Like, shine your studs
It makes for an interesting and educational afternoon for both students and judges. The kids get to find out if they can keep it together in front of four strangers for 20 minutes. We judges, who show up for duty expecting to be assailed by tattooed tuffs in belly shirts and garnished with lots of zany piercings, hear mostly well-delivered reports from teens who appear to be sharp, enthusiastic and reasonably well-equipped to move on to their respective next levels, whatever those may be. I’ve done these judging sessions for three years now, and I’ve yet to encounter a student who just got up there and unraveled. Even the kids with tattoos and piercings act as if they give a flying-bleep about this assignment. Invariably, we judges leave TMCC that afternoon feeling pleasantly surprised and encouraged.
In these sessions, we have time to question the students, but we don’t have time to share some tips of modern living that might be helpful as the teens begin their wobbly journeys toward self-sufficiency. (If there’s one thing we judges hope these kids can successfully achieve, it’s self-sufficiency. Most of us are parents, too, and there are probably few things more heartwarming to today’s parents than stories of the kids making rent payments with ease.)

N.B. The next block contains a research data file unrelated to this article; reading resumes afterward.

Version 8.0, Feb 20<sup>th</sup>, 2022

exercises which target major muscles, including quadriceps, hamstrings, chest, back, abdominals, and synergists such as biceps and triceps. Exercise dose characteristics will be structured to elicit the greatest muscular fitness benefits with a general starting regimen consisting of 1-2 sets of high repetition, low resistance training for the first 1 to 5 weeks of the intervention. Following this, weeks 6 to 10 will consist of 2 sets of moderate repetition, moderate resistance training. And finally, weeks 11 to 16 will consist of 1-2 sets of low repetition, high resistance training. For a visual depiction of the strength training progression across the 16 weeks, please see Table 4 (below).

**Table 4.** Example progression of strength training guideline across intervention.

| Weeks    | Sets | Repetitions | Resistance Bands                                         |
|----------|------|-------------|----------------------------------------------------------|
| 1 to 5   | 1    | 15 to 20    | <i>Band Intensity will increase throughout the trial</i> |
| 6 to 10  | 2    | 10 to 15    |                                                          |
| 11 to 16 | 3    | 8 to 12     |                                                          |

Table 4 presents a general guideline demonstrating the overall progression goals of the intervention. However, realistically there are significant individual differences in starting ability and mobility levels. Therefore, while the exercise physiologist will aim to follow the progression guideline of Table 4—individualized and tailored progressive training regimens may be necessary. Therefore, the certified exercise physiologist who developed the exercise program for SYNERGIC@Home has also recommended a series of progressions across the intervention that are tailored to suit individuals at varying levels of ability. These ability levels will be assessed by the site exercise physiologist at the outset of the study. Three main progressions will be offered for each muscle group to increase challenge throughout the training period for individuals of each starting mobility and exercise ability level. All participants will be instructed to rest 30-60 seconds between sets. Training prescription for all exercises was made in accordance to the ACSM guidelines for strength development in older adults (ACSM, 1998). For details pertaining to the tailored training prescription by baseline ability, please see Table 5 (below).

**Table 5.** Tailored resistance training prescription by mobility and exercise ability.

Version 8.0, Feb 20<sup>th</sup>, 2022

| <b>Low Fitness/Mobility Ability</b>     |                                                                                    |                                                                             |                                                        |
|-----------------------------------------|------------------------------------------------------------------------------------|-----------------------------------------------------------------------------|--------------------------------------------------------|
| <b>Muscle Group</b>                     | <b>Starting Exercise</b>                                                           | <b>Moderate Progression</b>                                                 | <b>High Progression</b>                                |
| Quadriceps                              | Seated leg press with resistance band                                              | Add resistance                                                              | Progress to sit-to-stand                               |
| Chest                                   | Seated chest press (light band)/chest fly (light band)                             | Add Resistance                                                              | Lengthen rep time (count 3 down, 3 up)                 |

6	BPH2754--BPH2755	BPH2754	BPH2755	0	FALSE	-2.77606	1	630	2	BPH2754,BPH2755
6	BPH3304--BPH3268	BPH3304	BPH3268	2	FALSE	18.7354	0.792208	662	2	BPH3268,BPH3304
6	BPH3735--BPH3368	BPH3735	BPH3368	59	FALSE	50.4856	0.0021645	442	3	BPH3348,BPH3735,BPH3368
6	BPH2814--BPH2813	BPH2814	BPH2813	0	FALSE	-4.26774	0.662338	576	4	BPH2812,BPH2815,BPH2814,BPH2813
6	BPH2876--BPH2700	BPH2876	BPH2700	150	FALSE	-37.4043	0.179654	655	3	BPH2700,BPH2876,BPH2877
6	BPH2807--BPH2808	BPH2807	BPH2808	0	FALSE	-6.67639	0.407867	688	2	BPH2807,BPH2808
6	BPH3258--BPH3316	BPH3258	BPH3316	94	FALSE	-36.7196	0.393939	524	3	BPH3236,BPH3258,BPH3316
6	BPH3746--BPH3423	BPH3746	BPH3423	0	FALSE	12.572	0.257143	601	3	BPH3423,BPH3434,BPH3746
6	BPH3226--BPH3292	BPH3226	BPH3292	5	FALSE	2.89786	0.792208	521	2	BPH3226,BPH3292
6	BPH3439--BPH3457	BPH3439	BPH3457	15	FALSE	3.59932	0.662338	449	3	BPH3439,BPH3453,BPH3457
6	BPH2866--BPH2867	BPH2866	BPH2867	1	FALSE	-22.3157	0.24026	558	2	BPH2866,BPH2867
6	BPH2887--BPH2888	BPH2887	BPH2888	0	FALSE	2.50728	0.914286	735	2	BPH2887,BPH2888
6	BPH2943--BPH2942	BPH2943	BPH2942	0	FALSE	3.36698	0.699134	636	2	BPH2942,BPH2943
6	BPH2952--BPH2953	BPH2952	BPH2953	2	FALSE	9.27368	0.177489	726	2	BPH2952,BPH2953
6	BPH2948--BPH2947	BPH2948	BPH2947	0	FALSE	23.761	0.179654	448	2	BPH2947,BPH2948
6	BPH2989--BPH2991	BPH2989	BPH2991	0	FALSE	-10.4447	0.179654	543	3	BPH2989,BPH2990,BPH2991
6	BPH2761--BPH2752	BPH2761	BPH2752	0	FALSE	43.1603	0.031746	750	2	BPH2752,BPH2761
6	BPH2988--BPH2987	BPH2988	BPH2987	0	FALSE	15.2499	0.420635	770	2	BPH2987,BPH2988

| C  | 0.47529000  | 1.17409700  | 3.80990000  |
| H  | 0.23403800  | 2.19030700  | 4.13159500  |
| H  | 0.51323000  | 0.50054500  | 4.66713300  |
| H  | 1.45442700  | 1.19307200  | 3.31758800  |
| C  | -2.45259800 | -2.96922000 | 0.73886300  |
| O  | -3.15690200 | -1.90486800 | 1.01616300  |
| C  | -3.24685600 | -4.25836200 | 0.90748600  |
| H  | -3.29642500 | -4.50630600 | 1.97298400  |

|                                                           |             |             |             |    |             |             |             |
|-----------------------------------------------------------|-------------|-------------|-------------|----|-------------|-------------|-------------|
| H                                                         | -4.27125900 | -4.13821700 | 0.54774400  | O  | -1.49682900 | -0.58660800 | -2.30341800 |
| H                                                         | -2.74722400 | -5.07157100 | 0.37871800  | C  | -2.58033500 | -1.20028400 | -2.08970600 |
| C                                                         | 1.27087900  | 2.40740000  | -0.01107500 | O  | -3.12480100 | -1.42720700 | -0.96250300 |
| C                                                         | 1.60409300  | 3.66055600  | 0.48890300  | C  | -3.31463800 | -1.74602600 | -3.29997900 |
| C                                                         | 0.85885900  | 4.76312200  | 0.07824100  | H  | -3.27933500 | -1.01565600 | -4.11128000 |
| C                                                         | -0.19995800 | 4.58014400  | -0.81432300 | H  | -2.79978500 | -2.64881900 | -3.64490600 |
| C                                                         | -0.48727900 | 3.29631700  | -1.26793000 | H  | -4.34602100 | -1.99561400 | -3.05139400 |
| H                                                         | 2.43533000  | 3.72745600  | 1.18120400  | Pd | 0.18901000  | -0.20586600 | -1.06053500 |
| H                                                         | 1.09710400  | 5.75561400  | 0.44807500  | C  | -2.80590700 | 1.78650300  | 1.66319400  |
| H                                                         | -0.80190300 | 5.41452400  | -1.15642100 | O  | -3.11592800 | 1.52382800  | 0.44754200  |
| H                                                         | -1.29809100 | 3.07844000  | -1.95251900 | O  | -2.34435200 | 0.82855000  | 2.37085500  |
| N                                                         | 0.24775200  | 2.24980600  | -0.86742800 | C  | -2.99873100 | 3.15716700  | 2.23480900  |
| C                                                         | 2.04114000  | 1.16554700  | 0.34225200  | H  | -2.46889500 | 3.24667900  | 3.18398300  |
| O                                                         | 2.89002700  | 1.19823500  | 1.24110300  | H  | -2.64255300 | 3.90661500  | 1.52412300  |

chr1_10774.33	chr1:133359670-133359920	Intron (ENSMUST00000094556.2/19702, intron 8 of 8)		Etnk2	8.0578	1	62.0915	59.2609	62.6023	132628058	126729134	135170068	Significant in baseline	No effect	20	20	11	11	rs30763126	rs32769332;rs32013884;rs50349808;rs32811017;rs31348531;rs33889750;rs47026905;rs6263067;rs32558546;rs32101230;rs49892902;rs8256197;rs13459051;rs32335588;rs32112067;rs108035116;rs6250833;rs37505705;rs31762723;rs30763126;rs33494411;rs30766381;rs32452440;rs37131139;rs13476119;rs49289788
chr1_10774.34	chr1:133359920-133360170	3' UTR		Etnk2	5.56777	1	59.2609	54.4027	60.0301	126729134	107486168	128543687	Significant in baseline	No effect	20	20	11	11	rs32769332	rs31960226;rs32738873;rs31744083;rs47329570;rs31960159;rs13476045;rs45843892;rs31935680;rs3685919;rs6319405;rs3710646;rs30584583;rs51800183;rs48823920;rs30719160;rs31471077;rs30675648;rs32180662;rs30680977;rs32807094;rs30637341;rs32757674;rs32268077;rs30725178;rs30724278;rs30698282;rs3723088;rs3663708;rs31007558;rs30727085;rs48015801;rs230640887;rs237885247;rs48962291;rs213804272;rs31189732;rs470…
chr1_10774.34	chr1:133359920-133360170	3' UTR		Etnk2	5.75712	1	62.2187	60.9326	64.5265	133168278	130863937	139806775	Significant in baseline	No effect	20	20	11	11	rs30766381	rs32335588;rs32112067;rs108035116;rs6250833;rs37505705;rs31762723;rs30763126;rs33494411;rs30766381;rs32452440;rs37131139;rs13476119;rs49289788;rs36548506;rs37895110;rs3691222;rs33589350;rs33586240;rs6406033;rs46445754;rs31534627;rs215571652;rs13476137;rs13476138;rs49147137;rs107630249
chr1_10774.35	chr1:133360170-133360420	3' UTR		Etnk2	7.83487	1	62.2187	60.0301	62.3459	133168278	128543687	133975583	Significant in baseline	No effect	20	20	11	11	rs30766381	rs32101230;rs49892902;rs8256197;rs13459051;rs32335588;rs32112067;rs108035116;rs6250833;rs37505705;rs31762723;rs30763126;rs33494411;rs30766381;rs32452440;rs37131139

I, however, am fortunate enough to have an abusable forum here, where I can spew out folksy advice to the youngsters and feel secure in the knowledge that it will be more ignored than a beer ban at Burning Man. So all you young adults who are entering the work force, remember:
1. Keep those piercings clean! I know it’s old-fashioned, but us fogeys (by the way, we now want to be called “classic citizens”) like to see metals gleam. There’s no faster way to blow that big contract with Acme Corporation than to flash a dull and cloudy tongue stud or eyebrow hoop.
2. Watch it with the four-letter words. Like “like.” When we hear you use the word “like” four times in one sentence, we begin to glaze over very severely.
3. Don’t be embarrassed or bashful about money. When you do something for us, and we ask how much it will cost, for God’s sake, don’t say “Oh, I don’t know, what do you think is fair?” All I can tell you is we slightly unethical adults positively pounce on bargain opportunities like that.